Editorial: Nuclear abolition, 20 years after historic opinion by International Court of Justice

The day July 8 marked the 20th year since the International Court of Justice (ICJ), located in The Hague, the Netherlands, issued its historic advisory opinion: “The threat or use of nuclear weapons would generally be contrary to the rules of international law.”

It may be true that voices of discontent were heard from Hiroshima, which has long called for these weapons to be made illegal, over the ICJ decision, which went on to state: “The Court cannot conclude definitively whether the threat or use of nuclear weapons would be lawful or unlawful in an extreme circumstance of self-defense, in which the very survival of a state would be at stake.” But the weight of the decision by the ICJ in judging that “The use or threat of nuclear weapons would be contrary to the rules of international law” still stands to this day.

This international judgment, which emphasized the need for nuclear disarmament, should have been the direction traveled by the world in subsequent days. The speech made by U.S. President Barack Obama in Prague in 2009, advocating “a world without nuclear weapons,” sounded the same call to action.

ICJ’s bold advisory opinion is believed to be linked to the historical backdrop of the time. The Cold War, where East and West faced perilous conditions, had ended and the international community began feeling new urgency over the ballooning numbers of nuclear weapons in the world. The idea that nuclear arms are a threat to all of humanity became a widespread concern and sparked a surge in global calls for their abolition.

The appeals made from the A-bombed cities, as the mayors of Hiroshima and Nagasaki voiced in the Hague court, were surely fuel for this decision.

Over the past 20 years, however, the situation surrounding nuclear weapons has degenerated, flying in the face of the advisory opinion. North Korea has pushed ahead with its missile development and nuclear ambitions while efforts for nuclear disarmament have stagnated with the United States and Russia remaining at loggerheads. Meanwhile, Islamic extremists have grown in strength and the risk of nuclear terrorism is rising.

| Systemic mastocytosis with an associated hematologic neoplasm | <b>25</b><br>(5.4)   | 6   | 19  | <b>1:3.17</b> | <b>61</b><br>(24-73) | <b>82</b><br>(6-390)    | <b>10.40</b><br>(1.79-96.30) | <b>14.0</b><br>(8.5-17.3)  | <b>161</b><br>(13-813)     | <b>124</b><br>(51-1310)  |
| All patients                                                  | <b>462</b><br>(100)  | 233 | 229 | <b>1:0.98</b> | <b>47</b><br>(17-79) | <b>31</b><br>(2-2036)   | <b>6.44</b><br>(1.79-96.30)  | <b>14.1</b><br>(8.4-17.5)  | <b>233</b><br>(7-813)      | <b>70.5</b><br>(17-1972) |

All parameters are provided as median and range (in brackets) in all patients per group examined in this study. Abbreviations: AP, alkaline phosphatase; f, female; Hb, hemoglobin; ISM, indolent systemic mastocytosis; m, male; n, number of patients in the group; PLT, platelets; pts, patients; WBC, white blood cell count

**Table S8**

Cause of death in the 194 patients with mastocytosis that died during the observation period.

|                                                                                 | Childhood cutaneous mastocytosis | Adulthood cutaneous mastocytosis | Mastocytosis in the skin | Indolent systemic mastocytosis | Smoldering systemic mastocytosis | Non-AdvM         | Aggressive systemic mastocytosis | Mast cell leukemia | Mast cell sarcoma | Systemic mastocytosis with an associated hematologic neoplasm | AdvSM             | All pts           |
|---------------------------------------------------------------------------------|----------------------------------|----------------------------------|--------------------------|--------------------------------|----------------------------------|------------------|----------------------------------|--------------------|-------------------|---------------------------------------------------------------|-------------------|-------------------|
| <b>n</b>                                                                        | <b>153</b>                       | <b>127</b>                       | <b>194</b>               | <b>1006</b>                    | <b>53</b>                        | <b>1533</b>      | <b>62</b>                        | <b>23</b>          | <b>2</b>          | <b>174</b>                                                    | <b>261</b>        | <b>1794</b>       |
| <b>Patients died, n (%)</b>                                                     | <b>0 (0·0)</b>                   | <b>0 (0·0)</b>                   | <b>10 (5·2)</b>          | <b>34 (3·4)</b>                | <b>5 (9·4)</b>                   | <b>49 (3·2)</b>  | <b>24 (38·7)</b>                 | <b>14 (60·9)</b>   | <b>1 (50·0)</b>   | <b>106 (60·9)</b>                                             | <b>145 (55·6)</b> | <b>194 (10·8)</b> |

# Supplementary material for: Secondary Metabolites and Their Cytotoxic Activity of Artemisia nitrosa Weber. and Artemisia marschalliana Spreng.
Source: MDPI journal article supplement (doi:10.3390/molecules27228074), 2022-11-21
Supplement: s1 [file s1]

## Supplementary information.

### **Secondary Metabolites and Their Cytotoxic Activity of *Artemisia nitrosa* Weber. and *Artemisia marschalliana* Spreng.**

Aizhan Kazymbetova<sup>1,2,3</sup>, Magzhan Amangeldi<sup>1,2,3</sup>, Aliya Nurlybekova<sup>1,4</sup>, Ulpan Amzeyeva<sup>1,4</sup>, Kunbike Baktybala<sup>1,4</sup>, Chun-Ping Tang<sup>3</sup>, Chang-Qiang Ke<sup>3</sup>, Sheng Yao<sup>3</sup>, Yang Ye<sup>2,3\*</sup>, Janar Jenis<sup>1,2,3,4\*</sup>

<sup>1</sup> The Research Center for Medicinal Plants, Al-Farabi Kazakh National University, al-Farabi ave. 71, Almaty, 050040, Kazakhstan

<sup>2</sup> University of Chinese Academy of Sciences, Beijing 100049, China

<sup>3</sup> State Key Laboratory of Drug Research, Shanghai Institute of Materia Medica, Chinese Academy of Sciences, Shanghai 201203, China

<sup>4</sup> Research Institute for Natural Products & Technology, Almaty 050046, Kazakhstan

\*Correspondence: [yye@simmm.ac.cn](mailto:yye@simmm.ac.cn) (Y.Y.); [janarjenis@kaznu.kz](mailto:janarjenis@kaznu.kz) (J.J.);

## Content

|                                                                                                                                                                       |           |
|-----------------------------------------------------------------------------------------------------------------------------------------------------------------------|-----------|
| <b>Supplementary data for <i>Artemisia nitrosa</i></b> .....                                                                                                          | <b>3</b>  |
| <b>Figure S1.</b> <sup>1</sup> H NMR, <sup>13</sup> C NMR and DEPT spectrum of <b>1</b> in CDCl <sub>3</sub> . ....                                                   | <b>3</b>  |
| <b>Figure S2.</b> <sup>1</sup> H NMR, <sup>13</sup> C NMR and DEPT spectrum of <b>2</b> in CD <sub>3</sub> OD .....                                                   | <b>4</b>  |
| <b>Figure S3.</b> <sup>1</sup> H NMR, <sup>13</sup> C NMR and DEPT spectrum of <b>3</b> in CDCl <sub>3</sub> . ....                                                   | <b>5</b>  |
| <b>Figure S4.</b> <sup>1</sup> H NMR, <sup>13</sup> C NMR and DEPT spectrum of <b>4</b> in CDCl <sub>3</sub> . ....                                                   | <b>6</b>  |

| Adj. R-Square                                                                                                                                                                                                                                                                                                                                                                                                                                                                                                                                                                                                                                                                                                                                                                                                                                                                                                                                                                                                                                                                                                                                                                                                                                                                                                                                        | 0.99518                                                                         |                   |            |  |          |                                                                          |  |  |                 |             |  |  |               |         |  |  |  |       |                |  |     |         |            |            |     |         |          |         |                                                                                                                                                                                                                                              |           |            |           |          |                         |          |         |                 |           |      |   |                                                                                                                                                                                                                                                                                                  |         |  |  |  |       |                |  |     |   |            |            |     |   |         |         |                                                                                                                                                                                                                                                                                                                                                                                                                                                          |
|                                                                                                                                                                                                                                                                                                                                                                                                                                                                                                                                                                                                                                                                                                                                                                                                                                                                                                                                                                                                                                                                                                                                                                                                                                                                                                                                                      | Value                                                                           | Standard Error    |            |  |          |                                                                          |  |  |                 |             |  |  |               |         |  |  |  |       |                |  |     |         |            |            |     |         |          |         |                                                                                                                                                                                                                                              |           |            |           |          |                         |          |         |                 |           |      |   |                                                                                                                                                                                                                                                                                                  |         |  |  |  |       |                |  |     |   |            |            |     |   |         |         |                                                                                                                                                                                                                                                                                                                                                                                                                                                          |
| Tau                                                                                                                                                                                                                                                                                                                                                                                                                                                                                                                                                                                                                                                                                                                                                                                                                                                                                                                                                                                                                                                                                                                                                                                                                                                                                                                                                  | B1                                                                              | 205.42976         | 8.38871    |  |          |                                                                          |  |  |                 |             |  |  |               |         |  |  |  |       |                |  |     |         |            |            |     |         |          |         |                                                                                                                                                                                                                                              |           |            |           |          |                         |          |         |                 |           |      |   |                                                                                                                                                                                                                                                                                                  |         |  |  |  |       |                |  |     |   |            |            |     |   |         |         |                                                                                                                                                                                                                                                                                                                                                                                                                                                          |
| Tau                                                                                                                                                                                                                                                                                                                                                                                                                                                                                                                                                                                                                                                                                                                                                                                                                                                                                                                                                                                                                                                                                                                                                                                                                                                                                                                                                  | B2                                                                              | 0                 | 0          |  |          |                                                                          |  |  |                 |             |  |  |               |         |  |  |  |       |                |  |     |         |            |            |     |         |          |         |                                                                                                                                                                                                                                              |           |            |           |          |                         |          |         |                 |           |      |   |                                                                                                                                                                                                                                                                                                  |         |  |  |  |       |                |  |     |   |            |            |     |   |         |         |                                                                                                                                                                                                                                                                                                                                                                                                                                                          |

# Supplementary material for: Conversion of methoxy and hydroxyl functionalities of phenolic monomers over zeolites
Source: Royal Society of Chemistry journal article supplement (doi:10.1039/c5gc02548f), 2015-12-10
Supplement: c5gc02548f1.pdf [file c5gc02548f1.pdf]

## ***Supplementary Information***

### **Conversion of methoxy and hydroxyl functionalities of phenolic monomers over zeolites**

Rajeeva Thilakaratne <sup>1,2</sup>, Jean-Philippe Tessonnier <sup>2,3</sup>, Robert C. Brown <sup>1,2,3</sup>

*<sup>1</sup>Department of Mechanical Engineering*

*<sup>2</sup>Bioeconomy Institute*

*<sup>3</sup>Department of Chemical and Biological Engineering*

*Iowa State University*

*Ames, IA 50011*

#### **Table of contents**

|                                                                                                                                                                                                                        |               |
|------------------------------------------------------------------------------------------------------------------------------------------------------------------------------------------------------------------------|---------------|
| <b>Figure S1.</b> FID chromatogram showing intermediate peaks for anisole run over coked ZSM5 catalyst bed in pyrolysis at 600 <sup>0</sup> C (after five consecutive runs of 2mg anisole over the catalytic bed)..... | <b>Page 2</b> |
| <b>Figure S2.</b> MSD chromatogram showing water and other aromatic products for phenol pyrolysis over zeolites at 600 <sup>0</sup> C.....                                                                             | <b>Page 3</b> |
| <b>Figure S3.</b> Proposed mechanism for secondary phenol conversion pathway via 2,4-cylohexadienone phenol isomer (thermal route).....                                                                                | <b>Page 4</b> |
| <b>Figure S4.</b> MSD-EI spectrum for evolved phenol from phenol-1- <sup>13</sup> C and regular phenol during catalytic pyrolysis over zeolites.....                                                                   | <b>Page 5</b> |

In this milestone 20th year since the advisory opinion, President Obama paid a visit to the A-bombed city of Hiroshima and again mentioned “a world without nuclear weapons.” In better circumstances, the international community, including the nuclear weapon states, would feel more strongly compelled to spotlight the significance of the ICJ judgment. But a month and a half has already passed since Mr. Obama’s historic visit and it appears that vital discussions for abolishing nuclear weapons are only creeping forward.

The international call for a nuclear weapons convention remains strong. At the same time, the gap between the views of those who support such a treaty and the nuclear weapon states, which stand in the way of this convention becoming a reality, has not narrowed to any degree, as highlighted by the difficulties faced by the nuclear disarmament working group at the United Nations.

Moreover, in the United States, which is the main driver of this issue, the de facto presidential candidate of the Republican Party is Donald Trump, who has even condoned a nuclear-armed Japan. The Democratic Party’s presidential candidate, Hillary Clinton, has yet to say anything about nuclear weapons. If this trend continues, the notion of a roadmap toward nuclear abolition will not be discussed in the presidential campaign and the possibility of expressly promoting “a world without nuclear weapons” will be very slim after President Obama leaves office.

In a sense, the situation in Japan is the same. Following the president’s visit to Hiroshima, the only voices heard are those stressing the significance of the visit itself. The needle has not moved at all with respect to international conditions involving nuclear weapons.

In Japan’s Upper House elections, it is regrettable that the debate between the ruling and opposition parties regarding the abolition of nuclear weapons was negligible, despite the vow made by Prime Minister Shinzo Abe in Hiroshima to pursue this goal.

In particular, the ruling party seems to have taken the visit to Hiroshima by President Obama and Prime Minister Abe as a symbol of a stronger Japan-U.S. alliance. But the party never mentioned the contradiction of Japan huddling under the nuclear umbrella provided by the United States.

To advance toward the goal of nuclear abolition, a new strategy must be devised.

It is time to take the advisory opinion to heart, as this judgment is virtually the origin of the international trend for highlighting the inhumane nature of nuclear weapons. Hiroshima, too, must contribute to strengthening international public opinion by conveying the true consequences wrought by the atomic bombing to the people of the world.

(Originally published on July 9, 2016)